Nokta Impact Metal Detector Review
The Impact metal detector was released to the market in 2023.It came as a welcome addition to the industry because people were looking for something new, premium features, and something designed with professional use in mind. The Impact couldn’t have come at a better time.
When comparing the Impact Standard to the Impact Pro, the differences lie in the package contents not the metal detector.Given the Impact Pro has more value with the insignificant price jump, it’s up for full review, and we’ll provide the details down below.
Who is the Nokta Impact Pro Best Suited to?
The Impact Pro has a long list of features that will be best put to use by intermediate and expert hobbyists. For the price and value, beginners may want to jump on the Impact, but it may take longer for them to learn the settings to take full advantage of detecting in multiple terrains for different types of targets.
There is also a Vibration feature built into the detector, so hard-of-hearing users will appreciate the buzz-buzz of positive signal detection. A backlight on the LCD screen will also improve visibility for detectors who want to go hunting in the dark. However, if you’re an underwater hunter, you may want to look to the Anfibio Metal Detector for submersion protection.
How Does the Nokta Impact Pro Perform?
The Nokta Impact metal detector is a high-performance unit. It’s a land-based model with multiple frequencies available for use in varying soil conditions when searching for specific types of metals. However, it’s a VLF (Very Low Frequency) metal detector that operates on a single frequency at a time. Even though you can select one of three different frequencies, only one can be used at any given time, not together or in combination.
With auto, manual, and tracking ground balance, you can move from changing soil conditions and balance for ground phase. Multiple detection modes will allow you to hone in on your target metal, and there’s even a trick we’ll reveal to improve detection speed without compromising depth detection.
As mentioned, the Impact has three selectable frequencies: 5, 14, and 20 kHz. This allows you to choose the most appropriate frequency to improve success rates of finding your target metal. For example, 5 kHz is very low, but it’s great for finding high conductivity metals and large objects deep underground. 14 kHz is likely what many detectorists will use most of the time.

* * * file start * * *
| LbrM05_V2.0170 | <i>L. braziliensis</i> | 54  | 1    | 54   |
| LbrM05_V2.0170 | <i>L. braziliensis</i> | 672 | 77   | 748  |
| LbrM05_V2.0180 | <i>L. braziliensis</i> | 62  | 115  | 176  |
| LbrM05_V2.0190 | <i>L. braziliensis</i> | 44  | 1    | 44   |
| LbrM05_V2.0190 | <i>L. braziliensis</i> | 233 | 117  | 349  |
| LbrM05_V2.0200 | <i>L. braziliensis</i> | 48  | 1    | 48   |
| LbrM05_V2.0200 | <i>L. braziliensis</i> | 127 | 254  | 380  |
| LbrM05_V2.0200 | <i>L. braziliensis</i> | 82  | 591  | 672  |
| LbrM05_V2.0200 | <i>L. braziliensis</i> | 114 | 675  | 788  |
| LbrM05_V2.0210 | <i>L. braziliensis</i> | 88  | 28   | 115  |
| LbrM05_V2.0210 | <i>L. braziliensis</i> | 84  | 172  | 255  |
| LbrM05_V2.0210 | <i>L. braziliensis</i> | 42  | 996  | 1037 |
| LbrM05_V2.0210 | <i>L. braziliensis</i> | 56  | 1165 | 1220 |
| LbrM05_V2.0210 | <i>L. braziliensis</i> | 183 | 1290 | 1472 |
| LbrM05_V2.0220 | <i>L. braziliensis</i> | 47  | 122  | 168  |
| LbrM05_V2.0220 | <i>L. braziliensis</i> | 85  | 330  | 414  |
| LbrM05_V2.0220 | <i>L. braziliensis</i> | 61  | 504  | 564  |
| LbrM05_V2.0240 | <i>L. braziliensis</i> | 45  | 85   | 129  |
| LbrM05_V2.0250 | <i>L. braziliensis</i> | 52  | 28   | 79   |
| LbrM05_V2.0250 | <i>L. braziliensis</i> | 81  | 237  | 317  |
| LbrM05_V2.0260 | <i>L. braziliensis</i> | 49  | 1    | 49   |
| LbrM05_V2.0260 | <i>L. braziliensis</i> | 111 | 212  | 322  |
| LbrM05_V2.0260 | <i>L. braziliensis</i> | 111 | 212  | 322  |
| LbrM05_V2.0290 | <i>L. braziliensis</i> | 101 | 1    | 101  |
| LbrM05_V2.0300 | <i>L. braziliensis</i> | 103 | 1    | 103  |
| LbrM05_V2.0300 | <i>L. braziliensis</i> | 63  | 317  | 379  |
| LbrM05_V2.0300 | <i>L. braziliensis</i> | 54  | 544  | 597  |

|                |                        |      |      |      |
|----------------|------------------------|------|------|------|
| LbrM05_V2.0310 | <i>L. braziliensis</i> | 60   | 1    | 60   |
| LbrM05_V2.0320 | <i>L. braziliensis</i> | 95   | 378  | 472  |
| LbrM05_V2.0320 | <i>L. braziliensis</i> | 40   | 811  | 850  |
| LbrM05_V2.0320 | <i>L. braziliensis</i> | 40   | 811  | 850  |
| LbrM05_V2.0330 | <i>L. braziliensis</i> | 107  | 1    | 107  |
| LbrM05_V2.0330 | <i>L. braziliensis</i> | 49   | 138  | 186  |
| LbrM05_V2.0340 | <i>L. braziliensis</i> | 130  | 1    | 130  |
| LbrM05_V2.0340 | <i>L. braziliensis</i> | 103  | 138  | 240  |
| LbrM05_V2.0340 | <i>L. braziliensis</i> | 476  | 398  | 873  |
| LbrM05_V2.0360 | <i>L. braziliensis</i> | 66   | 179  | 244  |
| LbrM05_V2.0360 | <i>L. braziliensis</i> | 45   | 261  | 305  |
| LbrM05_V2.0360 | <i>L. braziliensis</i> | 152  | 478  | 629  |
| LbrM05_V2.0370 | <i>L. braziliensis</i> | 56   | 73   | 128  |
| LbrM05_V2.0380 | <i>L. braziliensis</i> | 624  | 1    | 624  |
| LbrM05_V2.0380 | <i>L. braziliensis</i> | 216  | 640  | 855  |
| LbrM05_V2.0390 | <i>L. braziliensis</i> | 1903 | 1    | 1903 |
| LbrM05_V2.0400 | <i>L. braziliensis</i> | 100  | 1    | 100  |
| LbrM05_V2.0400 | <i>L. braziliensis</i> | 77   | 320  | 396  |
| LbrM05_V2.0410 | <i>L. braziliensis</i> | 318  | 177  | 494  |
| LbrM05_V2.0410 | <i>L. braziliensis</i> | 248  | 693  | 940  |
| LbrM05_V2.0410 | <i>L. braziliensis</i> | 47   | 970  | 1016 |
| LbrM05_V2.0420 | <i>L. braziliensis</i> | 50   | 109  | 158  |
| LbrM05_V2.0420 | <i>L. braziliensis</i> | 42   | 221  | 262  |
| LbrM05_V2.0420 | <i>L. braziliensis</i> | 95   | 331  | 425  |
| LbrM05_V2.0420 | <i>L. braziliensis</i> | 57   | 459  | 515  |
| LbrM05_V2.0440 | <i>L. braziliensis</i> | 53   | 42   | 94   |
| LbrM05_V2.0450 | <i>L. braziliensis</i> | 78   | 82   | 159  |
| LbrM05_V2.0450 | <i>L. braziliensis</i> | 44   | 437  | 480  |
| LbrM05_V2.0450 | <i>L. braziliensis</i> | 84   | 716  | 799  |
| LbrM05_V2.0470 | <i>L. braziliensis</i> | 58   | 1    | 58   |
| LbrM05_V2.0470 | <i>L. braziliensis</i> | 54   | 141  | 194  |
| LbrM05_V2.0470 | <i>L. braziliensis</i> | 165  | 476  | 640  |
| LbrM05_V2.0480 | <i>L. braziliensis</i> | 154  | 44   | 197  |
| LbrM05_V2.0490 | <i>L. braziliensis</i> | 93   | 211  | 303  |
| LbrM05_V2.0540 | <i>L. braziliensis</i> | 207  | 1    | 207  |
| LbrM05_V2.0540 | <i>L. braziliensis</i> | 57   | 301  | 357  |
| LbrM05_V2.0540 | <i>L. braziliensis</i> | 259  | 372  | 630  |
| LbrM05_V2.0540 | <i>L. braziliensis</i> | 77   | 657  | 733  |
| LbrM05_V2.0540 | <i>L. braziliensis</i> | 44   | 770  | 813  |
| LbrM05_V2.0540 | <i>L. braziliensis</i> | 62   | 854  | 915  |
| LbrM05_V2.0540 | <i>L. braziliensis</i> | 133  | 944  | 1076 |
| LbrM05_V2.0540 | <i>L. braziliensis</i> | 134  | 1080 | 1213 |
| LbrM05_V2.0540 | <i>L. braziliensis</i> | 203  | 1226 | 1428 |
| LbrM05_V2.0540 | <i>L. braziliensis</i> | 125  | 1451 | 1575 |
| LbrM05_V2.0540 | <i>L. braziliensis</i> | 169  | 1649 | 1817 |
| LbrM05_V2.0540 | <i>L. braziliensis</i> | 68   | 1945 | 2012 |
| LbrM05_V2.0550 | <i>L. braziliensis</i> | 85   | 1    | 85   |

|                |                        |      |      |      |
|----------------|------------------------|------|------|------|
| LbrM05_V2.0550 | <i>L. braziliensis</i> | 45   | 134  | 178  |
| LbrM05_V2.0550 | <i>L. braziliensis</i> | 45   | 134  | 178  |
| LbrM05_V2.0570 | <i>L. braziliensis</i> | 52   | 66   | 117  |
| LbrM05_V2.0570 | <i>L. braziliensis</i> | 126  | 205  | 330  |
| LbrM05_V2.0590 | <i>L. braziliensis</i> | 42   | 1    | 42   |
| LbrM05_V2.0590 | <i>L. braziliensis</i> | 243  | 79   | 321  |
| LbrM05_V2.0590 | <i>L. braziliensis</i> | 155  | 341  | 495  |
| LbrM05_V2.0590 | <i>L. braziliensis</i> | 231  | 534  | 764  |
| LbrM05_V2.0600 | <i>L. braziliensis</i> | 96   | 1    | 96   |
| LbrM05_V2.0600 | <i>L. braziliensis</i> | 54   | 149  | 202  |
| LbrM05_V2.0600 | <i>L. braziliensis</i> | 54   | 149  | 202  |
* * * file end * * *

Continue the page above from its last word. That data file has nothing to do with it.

It’s right within the “teen zone” of what we consider the middle ground for finding all types of metals at any given depth. 20 kHz limits depth and is increasingly sensitive to low conductive metals like gold and nickel. However, it does increase sensitivity to soil conditions, so be sure to properly ground balance and use the right search modes to detect with this frequency in the right conditions.
12 Search Modes
That’s quite the long list of search modes available at your fingertips. You may find yourself using only one or two most of the time, but it’s still worth it to learn what each mode offers instead of customizing various profiles to specific targets. You have two static, two all metal, and eight discrimination modes to scroll through. There is Static and Static Delta modes that allow for non-motion detection.
There is General Search and General Search Delta modes that are comparable to All Metal modes on comparable metal detectors. Then, the eight discrimination modes are 2-Tone Disc., 3-Tone Disc., 4-Tone Disc., 99-Tone Disc., Conductive Ground (COG), Deep Mode, VLX1, and VLX2.
COG mode is designed for high-salt areas like wet sand and beaches. Deep mode is as it implies, deep detection mainly for relics. VLX1 and VLX2 are 3 and 4 tone modes for stable detection in high trash areas and quickly changing ground conditions.
This is similar to Iron Audio features on comparable metal detectors. On the Impact, you can adjust the volume for iron signals by using F0-F5 settings where F0 completely silences audio for iron targets whilst the Target ID for iron targets will still show up on the screen. This is especially helpful when hunting in trashy areas or relic hunting.
A second way to use Iron Volume is through the N1-N5 settings. In this mode, you cannot eliminate sound for iron and trash objects, instead, you can minimize volume and still hear a low tone for these targets. So, while you may be tempted to notch discriminate for these targets, use the N settings to decrease the audio volume.
In this way, you’re not compromising on sensitivity or depth detection and slowing down the detector while you expect maximum search results on good objects. That’s our trick for the Impact!